Nunneries and the Anglo-Saxon Royal Houses

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Bloomsbury, Jun 16, 2003 - Religion - 229 pages
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By the late Anglo-Saxon period almost all newly founded nunneries were founded by royal patronage. This detailed study, which traces the histories of royal nunneries in the 7th and 8th centuries, examines how they differed from other types of religious communities in terms of their organisation, status, special secular and ecclesiastical features and the authority and power which the abbess and other women held. Barbara Yorke reveals how the royal nunneries were not only subject to the changing fortunes of the Church and state, but also to the successes and failures of the royal houses that patronised them. This particular group of nunneries is also compared and contrasted with the variety of other arrangements available to religious women, both within and outside of convents and male religious establishments, and with gender and societal norms.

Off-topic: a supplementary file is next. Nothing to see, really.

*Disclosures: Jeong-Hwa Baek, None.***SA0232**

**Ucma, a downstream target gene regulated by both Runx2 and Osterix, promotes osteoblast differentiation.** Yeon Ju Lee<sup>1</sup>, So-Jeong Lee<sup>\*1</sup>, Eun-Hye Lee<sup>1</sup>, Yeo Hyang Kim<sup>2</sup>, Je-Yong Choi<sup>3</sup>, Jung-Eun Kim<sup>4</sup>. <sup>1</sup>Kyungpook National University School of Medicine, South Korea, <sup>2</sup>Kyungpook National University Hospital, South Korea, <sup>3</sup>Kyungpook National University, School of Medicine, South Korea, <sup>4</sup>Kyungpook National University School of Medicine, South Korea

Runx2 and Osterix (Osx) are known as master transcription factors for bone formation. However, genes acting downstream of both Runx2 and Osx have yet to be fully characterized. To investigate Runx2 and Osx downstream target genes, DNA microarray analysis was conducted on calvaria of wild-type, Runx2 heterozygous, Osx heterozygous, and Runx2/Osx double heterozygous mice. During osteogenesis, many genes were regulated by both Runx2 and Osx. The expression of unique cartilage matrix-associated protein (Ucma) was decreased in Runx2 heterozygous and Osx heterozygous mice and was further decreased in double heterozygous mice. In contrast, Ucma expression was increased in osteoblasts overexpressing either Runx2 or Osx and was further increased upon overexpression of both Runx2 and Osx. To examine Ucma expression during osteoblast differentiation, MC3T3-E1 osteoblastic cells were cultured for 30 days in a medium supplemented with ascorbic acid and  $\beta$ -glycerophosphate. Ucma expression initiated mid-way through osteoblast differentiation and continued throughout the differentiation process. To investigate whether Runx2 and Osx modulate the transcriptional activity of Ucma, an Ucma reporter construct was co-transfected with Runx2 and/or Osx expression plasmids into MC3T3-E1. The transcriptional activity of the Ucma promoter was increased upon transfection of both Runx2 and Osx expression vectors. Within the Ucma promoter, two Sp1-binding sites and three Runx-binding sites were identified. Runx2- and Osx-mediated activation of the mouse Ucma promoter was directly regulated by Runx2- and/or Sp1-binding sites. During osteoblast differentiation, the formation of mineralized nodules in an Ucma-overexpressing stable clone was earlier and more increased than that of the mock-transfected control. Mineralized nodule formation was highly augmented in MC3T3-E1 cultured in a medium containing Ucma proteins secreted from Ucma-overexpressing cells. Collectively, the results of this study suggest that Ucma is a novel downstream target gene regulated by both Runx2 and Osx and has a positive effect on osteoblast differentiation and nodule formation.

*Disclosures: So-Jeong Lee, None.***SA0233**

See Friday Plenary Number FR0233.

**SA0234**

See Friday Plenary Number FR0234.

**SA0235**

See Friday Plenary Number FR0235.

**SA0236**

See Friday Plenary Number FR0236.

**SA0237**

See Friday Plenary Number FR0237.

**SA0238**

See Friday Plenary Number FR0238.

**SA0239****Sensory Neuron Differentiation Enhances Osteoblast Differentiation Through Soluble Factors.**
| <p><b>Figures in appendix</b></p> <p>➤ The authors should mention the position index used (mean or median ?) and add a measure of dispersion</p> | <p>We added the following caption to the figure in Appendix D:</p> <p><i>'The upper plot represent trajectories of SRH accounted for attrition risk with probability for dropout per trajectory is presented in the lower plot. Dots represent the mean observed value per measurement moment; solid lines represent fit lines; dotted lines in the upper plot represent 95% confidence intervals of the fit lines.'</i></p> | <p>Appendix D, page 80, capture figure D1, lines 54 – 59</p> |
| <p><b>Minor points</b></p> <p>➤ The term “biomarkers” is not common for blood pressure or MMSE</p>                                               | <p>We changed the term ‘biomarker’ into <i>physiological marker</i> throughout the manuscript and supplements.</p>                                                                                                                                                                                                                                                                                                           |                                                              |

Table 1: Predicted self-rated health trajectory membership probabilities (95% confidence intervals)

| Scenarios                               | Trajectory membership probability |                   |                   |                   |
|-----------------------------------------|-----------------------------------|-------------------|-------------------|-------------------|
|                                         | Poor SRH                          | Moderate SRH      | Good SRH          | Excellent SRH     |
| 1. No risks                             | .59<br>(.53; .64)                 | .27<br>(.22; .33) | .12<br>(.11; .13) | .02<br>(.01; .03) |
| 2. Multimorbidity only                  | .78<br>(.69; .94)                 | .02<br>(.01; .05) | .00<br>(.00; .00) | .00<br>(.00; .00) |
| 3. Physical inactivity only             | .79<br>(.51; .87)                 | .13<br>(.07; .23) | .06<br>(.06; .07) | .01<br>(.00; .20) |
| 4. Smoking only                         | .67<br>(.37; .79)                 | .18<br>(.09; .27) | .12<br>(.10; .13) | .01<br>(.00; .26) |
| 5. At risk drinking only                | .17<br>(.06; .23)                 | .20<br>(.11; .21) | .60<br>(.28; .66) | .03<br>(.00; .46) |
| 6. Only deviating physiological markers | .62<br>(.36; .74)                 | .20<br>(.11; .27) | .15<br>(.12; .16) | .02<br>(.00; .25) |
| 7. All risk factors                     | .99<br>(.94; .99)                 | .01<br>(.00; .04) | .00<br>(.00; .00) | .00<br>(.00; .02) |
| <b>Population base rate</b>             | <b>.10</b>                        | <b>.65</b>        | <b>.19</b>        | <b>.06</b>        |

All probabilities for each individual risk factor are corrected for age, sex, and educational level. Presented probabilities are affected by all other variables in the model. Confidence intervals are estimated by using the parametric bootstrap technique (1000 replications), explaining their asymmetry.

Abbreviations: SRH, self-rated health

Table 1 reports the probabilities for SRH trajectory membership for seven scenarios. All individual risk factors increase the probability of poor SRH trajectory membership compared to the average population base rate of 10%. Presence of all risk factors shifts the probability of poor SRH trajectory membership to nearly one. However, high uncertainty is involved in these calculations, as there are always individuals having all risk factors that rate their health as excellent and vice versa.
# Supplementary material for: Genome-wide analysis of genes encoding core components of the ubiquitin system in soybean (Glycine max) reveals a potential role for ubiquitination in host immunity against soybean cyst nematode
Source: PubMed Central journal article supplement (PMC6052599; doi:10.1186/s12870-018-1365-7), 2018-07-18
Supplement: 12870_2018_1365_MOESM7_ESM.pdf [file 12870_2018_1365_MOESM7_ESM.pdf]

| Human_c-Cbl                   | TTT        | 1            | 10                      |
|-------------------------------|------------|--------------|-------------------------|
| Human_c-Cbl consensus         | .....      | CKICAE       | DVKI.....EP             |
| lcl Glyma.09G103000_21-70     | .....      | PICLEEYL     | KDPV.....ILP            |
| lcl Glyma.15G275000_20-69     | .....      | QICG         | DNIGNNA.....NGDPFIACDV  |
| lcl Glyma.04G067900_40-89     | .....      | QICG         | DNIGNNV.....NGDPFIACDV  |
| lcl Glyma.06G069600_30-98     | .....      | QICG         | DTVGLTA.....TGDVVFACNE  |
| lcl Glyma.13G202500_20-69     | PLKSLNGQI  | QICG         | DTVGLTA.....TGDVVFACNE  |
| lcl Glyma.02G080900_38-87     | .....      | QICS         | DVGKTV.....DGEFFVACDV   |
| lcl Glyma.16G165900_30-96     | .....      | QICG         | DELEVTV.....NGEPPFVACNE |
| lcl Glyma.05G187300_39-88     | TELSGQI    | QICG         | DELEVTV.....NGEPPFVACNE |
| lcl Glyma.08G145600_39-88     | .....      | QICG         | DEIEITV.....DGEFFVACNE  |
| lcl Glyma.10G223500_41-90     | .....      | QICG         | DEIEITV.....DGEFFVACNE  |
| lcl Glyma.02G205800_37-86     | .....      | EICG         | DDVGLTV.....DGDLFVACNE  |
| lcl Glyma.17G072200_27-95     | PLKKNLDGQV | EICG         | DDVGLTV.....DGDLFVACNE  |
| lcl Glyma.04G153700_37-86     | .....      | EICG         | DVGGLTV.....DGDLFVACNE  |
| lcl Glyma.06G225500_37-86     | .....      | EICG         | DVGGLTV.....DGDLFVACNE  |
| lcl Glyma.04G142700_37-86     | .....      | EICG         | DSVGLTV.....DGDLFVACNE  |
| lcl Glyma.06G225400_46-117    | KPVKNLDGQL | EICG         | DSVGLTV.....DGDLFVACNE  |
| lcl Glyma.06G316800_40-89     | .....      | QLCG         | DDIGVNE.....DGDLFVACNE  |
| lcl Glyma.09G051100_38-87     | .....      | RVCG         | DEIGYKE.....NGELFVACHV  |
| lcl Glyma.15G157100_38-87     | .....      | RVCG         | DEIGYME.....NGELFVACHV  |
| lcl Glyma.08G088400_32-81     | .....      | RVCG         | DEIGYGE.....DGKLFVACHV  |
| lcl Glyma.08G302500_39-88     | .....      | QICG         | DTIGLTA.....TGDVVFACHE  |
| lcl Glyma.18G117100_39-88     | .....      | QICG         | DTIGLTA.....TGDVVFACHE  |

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About the author (2003)

Barbara Yorke is Professor of Early Medieval History at King Alfred's College, Winchester. She has worked widely on topics relating to Anglo-Saxon England, but has a particular interest in the history of royal houses and the kingdom of Wessex. Previous books include Kings and Kingdoms of Early Anglo-Saxon England (1990) and Wessex in the Early Middle Ages (1995). She is currently working on the topic of conversion and the early medieval royal courts.

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